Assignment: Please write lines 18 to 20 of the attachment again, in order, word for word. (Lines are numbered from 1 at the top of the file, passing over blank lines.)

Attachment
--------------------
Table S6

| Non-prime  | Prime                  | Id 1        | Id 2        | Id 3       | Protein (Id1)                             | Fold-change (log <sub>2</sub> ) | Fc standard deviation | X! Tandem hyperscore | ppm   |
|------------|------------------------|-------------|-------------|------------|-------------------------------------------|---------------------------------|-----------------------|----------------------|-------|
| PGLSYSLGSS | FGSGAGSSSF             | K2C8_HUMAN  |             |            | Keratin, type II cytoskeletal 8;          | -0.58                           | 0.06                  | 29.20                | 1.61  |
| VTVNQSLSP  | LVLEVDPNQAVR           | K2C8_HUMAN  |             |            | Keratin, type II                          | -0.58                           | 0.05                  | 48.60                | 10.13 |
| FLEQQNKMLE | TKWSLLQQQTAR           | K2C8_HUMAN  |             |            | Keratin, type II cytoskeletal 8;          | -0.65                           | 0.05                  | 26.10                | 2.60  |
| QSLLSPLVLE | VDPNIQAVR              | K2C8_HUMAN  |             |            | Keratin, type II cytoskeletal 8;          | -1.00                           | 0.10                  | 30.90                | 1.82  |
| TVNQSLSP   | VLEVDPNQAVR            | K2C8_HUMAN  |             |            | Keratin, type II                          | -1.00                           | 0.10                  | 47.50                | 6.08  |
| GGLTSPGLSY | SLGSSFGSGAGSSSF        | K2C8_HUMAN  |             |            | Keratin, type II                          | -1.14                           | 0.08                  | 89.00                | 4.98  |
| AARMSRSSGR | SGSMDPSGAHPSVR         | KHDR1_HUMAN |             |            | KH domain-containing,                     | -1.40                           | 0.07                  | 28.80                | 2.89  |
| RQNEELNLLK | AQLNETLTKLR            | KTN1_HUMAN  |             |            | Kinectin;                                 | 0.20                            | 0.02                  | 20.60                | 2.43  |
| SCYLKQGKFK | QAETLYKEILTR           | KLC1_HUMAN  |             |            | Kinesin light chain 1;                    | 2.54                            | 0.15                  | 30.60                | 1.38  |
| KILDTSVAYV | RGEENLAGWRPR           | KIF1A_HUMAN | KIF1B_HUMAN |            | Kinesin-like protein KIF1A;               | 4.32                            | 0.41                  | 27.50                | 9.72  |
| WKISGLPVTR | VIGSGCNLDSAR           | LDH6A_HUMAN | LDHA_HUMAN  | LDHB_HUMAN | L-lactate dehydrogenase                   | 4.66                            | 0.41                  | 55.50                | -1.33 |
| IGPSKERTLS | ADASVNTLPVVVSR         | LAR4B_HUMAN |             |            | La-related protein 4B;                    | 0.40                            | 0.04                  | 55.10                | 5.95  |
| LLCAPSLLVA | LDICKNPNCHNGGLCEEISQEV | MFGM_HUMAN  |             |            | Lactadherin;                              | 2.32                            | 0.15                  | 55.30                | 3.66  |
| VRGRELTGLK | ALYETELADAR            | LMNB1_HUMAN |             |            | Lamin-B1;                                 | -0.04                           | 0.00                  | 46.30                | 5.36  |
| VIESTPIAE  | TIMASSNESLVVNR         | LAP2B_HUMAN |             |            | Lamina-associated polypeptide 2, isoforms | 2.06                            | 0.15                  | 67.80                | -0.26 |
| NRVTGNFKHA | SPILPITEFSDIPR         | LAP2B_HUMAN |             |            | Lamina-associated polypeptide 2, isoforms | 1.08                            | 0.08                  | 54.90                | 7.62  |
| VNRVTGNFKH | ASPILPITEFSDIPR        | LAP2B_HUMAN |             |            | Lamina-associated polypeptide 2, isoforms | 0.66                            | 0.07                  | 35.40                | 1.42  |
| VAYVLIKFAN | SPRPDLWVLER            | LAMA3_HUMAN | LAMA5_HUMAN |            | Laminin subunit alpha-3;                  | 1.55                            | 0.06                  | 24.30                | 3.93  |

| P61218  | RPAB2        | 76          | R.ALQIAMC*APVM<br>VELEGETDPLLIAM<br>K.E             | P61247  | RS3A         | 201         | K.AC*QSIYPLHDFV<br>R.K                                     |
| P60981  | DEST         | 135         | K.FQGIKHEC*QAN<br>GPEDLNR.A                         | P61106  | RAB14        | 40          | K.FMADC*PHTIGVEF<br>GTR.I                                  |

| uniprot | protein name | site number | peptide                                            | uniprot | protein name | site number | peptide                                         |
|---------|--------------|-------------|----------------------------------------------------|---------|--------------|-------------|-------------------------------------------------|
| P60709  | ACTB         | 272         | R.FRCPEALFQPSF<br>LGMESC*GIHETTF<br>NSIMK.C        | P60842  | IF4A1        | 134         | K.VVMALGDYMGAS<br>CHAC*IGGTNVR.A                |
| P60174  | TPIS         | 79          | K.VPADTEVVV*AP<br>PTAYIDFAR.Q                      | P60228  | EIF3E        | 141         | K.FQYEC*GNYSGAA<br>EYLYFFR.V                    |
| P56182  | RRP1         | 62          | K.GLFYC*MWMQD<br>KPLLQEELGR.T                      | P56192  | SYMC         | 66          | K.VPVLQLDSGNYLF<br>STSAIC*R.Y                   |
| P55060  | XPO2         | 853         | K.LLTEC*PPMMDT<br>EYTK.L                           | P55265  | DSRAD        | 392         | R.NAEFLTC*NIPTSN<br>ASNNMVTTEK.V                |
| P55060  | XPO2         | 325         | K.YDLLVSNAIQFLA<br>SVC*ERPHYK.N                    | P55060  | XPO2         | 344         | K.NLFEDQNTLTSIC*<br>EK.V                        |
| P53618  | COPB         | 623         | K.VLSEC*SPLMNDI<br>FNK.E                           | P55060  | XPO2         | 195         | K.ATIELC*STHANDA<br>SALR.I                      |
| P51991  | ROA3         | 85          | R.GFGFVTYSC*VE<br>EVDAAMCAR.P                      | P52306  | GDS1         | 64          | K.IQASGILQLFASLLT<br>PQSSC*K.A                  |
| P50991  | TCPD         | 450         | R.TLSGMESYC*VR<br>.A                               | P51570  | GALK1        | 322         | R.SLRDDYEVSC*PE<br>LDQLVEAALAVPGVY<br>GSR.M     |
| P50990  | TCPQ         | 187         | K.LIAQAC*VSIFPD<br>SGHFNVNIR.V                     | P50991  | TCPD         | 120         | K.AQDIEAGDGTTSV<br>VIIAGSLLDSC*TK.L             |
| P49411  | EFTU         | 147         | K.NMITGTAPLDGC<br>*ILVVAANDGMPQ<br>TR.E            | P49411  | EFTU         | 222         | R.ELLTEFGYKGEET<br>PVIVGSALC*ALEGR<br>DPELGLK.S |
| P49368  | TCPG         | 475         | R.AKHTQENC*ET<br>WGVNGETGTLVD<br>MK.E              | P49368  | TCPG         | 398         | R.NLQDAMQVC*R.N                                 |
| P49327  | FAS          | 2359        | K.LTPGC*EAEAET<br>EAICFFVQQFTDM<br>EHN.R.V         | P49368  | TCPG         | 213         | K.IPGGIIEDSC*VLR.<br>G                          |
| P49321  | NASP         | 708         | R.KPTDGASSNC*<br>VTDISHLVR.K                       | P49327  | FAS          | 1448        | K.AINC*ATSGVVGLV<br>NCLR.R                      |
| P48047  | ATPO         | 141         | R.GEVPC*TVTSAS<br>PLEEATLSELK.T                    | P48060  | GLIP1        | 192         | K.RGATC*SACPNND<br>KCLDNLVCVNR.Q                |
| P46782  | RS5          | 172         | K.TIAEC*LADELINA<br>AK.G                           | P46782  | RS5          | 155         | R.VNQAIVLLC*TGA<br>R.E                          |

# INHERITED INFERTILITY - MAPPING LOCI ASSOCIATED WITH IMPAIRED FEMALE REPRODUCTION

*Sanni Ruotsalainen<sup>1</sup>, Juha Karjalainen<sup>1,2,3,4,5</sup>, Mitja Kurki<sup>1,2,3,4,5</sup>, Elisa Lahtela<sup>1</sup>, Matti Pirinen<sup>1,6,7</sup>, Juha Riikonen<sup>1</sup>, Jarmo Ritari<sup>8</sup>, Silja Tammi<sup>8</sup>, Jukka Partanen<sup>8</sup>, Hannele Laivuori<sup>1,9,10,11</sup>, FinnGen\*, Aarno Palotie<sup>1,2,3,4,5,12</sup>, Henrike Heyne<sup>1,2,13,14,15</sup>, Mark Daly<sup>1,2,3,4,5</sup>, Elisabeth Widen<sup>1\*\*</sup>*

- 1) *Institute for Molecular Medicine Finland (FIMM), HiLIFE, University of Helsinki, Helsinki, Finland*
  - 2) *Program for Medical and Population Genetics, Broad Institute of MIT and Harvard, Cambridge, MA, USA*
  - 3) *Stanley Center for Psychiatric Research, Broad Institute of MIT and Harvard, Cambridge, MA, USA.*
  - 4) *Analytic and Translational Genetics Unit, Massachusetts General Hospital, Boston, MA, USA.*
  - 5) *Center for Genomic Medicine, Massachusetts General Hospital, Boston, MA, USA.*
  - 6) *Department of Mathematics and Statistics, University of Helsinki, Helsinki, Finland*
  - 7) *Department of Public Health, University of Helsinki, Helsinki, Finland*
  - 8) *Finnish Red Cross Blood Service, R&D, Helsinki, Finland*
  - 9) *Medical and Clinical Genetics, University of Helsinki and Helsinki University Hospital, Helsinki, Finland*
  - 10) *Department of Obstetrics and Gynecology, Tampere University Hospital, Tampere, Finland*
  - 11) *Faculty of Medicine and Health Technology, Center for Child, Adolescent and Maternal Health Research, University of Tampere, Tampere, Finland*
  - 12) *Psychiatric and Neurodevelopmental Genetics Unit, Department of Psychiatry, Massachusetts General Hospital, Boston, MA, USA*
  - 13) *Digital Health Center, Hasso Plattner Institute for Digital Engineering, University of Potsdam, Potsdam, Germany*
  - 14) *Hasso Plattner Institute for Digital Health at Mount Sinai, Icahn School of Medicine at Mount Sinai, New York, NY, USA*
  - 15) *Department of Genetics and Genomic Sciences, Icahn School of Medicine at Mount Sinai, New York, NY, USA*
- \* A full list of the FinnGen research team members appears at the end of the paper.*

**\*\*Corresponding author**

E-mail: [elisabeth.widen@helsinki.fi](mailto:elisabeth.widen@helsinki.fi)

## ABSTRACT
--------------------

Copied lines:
| VIESTPIAE  | TIMASSNESLVVNR         | LAP2B_HUMAN |             |            | Lamina-associated polypeptide 2, isoforms | 2.06                            | 0.15                  | 67.80                | -0.26 |
| NRVTGNFKHA | SPILPITEFSDIPR         | LAP2B_HUMAN |             |            | Lamina-associated polypeptide 2, isoforms | 1.08                            | 0.08                  | 54.90                | 7.62  |
| VNRVTGNFKH | ASPILPITEFSDIPR        | LAP2B_HUMAN |             |            | Lamina-associated polypeptide 2, isoforms | 0.66                            | 0.07                  | 35.40                | 1.42  |